I still have my original copies from when I bought them as a kid. I liked them then, and listening again after a long absence, I think they have stood up well. Changing times were making the group irrelevant by the end of 1967, and it's fascinating to see how they attempted to change too. Psychedelia and the counterculture made Beach Boys songs of just a year or two earlier seem hopelessly naive. Only years later, as an oldies act concentrating on their '60s hits, would they again find a mass audience.

There was no way the Beach Boys were going to fit in with the acid-rock crowd. They brought a naive sensibility and romanticism (the very thing that made millions of pre-teens and teenagers relate to their work in the first place) to all three albums.

Imagine recording a song about taking care of your feet ("Take A Load off Your Feet") in 1971. While their contemporaries were singing about "Lucy in the Sky with Diamonds," the Beach Boys sang about "Disney Girls."

Today, removed from their original context, some of the songs — "All I Wanna Do" off Sunflower for instance — are as good as many of the group's classic hits.

Listening again to Caroline Now! after revisiting some of the originals, I'll probably never listen to that tribute album again. No disrespect to the many fine artists involved, but none of the cover versions on that album can touch the work of the Beach Boys themselves.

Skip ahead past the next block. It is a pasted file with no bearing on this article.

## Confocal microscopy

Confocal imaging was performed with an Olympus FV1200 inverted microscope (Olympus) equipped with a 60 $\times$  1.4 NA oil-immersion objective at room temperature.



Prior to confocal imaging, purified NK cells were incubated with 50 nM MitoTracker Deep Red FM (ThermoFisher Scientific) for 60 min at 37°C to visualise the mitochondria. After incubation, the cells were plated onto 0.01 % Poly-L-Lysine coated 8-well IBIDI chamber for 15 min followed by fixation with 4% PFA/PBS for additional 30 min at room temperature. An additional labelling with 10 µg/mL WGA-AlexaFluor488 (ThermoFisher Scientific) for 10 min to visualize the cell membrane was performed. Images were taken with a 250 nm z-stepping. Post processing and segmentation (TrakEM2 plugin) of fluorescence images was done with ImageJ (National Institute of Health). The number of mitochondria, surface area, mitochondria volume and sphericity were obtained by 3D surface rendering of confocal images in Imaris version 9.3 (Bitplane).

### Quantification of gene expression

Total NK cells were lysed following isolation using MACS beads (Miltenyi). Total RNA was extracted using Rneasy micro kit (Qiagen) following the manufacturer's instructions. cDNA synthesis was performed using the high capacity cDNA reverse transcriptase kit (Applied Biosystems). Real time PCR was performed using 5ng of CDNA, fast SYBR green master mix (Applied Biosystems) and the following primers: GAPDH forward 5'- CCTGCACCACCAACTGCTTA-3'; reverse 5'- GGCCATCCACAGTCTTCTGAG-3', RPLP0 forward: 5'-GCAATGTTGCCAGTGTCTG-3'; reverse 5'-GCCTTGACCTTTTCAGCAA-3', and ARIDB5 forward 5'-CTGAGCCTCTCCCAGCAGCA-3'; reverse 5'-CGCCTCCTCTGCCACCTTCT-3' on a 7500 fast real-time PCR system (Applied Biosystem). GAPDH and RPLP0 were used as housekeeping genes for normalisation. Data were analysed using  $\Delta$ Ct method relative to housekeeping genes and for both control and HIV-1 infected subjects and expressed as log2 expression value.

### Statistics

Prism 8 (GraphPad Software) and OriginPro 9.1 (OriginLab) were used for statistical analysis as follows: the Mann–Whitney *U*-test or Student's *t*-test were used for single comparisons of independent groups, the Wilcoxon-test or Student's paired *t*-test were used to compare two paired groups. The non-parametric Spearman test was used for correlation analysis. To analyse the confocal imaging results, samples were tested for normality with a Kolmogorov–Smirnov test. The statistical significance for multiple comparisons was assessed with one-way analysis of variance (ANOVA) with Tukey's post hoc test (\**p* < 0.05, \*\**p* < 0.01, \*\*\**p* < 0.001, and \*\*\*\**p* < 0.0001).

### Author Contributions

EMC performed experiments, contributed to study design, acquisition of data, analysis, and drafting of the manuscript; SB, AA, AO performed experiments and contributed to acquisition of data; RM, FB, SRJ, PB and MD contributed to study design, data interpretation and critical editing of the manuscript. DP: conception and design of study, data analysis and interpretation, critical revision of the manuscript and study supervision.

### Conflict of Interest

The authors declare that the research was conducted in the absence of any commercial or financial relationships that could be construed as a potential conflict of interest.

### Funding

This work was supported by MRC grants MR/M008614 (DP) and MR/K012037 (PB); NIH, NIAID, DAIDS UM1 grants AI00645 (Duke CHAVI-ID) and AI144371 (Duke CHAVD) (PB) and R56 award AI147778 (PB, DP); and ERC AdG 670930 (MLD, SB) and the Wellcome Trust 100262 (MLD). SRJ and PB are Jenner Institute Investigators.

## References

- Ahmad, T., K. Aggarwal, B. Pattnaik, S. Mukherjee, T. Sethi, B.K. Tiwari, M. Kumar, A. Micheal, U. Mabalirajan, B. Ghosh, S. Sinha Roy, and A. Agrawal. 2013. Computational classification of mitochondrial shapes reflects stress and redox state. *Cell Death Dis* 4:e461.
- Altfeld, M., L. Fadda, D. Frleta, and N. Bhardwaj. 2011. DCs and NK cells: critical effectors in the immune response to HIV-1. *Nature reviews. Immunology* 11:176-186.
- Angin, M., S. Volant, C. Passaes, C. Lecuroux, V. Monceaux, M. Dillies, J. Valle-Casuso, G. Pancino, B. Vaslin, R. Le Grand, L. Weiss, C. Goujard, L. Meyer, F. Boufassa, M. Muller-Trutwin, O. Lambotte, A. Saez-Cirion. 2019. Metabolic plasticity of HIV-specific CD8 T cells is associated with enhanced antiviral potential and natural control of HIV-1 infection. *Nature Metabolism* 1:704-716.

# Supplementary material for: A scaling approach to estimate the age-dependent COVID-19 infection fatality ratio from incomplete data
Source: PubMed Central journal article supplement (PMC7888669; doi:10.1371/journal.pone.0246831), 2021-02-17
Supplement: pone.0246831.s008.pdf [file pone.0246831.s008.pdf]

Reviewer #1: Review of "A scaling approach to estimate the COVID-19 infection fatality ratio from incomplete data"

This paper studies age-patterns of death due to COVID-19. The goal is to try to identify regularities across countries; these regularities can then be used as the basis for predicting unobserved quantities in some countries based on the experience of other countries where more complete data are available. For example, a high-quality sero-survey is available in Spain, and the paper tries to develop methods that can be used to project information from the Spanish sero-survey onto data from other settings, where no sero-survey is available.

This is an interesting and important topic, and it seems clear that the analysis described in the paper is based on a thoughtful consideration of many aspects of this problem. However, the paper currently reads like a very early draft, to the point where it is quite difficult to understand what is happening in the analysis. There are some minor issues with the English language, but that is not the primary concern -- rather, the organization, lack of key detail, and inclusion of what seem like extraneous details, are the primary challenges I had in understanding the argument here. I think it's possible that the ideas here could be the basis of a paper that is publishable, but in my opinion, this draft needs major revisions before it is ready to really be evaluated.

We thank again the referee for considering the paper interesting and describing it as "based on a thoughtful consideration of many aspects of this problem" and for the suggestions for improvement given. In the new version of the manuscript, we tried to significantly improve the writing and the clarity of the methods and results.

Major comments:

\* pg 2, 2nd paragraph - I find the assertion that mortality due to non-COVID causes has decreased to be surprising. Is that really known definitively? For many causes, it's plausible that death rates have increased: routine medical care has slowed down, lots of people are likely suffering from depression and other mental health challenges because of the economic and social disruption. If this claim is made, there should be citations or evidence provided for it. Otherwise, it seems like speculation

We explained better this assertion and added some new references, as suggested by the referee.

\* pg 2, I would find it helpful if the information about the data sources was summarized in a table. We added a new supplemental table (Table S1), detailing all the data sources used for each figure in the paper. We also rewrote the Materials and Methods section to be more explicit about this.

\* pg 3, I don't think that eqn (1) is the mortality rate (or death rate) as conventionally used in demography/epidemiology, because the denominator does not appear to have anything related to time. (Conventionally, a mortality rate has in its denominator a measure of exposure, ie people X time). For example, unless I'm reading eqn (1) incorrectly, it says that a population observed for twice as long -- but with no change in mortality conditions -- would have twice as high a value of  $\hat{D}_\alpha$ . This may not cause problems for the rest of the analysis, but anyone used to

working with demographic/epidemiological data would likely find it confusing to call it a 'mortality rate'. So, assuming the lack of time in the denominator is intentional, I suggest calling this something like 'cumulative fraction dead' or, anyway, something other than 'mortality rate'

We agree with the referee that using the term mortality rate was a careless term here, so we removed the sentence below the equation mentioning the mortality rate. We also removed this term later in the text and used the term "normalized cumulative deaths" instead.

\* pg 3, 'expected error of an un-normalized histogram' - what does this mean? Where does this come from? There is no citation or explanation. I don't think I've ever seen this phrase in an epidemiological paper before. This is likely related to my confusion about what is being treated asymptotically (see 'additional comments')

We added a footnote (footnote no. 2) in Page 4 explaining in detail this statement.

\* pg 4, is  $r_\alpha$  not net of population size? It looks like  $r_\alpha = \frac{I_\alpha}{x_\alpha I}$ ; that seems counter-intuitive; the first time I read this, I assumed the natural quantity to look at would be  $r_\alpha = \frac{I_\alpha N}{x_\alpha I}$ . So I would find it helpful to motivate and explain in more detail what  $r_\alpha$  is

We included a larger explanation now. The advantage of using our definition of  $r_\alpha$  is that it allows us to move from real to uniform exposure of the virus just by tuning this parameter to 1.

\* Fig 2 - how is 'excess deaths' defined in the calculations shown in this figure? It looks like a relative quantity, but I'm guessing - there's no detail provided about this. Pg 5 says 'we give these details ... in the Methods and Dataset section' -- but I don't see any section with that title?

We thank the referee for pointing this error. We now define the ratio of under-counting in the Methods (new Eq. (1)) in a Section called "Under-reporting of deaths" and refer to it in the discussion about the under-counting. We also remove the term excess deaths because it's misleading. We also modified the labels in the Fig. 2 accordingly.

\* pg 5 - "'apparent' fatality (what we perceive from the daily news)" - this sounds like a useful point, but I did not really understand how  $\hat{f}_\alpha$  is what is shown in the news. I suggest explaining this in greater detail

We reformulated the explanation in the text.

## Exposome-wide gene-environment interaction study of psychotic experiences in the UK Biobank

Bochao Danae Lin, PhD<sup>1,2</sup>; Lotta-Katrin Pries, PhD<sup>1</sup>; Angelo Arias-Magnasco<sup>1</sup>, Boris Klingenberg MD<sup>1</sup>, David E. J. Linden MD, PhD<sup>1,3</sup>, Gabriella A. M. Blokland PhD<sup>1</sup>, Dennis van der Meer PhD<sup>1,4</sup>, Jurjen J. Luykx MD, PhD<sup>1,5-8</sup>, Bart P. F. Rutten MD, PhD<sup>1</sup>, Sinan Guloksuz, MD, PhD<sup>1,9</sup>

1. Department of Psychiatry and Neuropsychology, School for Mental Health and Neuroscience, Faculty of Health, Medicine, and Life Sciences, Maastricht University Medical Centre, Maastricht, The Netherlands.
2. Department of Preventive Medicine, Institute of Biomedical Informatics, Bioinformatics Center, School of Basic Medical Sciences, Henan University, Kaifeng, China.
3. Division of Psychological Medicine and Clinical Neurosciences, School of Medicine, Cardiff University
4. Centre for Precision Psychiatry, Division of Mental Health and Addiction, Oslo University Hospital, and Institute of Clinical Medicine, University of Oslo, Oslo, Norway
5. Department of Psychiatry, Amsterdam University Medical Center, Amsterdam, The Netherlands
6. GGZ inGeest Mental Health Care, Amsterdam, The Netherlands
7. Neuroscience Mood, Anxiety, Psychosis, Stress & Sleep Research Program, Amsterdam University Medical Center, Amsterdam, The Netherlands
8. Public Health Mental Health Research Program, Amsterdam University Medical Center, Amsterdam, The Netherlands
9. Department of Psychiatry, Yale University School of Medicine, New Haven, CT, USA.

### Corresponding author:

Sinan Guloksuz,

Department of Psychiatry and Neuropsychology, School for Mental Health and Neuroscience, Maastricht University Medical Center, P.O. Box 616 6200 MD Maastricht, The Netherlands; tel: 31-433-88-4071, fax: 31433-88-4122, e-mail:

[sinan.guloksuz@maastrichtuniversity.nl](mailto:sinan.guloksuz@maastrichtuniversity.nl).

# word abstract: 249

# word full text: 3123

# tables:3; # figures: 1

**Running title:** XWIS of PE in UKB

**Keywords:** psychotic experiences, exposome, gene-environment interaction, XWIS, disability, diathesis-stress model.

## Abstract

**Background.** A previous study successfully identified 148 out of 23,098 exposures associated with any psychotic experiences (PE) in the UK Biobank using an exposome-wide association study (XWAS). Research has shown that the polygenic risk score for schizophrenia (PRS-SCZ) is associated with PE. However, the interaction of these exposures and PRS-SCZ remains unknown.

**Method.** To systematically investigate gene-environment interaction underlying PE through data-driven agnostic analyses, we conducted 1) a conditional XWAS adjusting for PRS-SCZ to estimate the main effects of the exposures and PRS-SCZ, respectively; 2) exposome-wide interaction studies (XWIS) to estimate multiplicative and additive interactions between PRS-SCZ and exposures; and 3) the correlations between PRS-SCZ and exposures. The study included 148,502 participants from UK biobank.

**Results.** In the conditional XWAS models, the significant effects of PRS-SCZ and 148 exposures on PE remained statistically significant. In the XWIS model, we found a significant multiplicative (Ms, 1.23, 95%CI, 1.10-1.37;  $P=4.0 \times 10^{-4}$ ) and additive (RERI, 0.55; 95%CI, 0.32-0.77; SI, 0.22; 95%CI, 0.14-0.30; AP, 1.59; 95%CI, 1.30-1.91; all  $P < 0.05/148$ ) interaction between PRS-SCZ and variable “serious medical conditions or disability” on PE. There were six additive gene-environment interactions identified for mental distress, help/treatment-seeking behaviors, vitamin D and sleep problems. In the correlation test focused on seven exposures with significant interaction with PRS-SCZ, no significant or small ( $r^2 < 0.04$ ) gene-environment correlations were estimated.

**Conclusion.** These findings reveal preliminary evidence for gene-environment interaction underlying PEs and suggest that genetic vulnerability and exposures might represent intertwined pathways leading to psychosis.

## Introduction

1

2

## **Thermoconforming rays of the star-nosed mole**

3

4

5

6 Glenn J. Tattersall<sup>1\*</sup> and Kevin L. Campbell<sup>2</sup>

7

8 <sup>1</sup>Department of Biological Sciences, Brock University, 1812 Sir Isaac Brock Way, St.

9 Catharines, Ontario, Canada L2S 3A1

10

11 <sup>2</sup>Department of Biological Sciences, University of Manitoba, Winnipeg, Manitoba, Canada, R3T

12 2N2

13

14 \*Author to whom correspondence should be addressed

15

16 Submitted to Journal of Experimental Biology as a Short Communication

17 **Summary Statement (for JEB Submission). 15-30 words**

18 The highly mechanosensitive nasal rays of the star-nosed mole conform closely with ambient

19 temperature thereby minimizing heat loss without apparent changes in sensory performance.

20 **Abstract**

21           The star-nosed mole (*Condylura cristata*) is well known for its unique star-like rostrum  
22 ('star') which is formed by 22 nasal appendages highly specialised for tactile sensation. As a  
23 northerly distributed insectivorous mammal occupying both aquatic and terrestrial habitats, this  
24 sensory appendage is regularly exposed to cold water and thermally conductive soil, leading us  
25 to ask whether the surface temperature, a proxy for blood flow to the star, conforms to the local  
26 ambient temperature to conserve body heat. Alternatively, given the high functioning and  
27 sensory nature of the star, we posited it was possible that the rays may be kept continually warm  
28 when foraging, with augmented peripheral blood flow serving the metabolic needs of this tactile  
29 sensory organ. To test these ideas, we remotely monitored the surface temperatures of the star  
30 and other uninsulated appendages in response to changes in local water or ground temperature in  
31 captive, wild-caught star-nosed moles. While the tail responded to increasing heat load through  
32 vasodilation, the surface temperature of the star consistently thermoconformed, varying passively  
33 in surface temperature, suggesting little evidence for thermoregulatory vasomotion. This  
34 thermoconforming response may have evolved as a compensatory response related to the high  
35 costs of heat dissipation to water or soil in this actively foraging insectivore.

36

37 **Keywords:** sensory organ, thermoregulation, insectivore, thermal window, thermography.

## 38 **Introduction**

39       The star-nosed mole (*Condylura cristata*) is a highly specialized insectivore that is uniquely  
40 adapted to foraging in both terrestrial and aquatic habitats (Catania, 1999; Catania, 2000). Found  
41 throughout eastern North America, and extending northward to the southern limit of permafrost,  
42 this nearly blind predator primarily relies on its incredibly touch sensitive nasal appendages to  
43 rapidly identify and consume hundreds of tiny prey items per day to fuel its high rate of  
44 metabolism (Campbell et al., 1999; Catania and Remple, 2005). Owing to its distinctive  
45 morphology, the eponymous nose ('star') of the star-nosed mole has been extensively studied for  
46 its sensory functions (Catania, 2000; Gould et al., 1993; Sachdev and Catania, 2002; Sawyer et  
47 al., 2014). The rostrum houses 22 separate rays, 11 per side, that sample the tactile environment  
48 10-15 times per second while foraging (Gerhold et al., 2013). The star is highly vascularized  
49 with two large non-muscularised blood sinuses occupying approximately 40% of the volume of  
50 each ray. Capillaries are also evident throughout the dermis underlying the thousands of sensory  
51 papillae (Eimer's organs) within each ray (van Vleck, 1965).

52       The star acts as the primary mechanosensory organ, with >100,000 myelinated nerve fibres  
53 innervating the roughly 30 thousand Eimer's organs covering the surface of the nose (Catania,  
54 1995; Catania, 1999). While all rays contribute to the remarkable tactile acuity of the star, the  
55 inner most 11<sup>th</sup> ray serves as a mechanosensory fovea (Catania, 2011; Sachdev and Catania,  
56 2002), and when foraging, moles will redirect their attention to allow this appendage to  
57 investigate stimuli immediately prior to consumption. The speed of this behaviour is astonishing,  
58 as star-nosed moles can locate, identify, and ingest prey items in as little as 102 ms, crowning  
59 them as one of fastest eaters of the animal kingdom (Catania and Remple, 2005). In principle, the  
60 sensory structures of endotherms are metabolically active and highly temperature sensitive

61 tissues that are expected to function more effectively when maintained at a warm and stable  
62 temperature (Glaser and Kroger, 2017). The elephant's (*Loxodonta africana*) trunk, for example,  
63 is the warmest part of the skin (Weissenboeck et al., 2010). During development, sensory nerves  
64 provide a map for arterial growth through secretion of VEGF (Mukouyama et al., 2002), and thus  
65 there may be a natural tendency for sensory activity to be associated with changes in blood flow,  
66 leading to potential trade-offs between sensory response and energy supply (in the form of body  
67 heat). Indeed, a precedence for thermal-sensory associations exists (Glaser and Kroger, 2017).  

I wish that Caroline Now! took me to the kind of places that I go to when I listen to the work of the Beach Boys. Instead, it is simply a curiosity, something of interest only to the most obsessive fans of the Beach Boys.

In The Game

The Olivia Tremor Control, Presents: Singles and Beyond (Emperor Norton): Operating in another zone, but one which references the Beach Boys and Beatles by way of Big Star and god knows who else, are The Olivia Tremor Control. Collecting some of their early singles and EPs, this album is the audio equivalent of a day spent reading "Alice In Wonderland" or C. S. Lewis' fantasy tales. The music suggests elegant, Victorian pop — all the more amazing since some of these 20 wonderful tracks were recorded on extremely primitive equipment. Talent and ideas rule! Check out "Fireplace," "Love Athena" and the excellently titled "Beneath the Climb," a pop track that feels a bit like early Who as it races along at a frantic pace. And "Gypsum All Field Fire" is a classic.

Kim Gordon, DJ Olive, Ikue Mori SYR5 (SYR): After releasing four challenging, experimental albums on their own indie label, SYR, Sonic Youth have begun issuing offshoot projects, the first of which is a collaboration between SY singer/bassist/guitarist Kim Gordon, DJ Olive and Ikue Mori, mixed by Jim O'Rourke. "International Spy" " features Gordon improvising lyrics — "I spy into your ear" — over an audio collage that is somehow soothing, while "Neu Adult" feels like a beat poetry reading over the sounds of a beehive. Actually, this is exactly what you'd expect, and then some. It feels very New York/Village/late-night/modern/Jackson Pollock/let's go somewhere new/let's have fun while we go there. I love it!

Michael Goldberg is the president of He founded Addicted To Noise in 1994.

© 2000 Michael Goldberg. All rights reserved.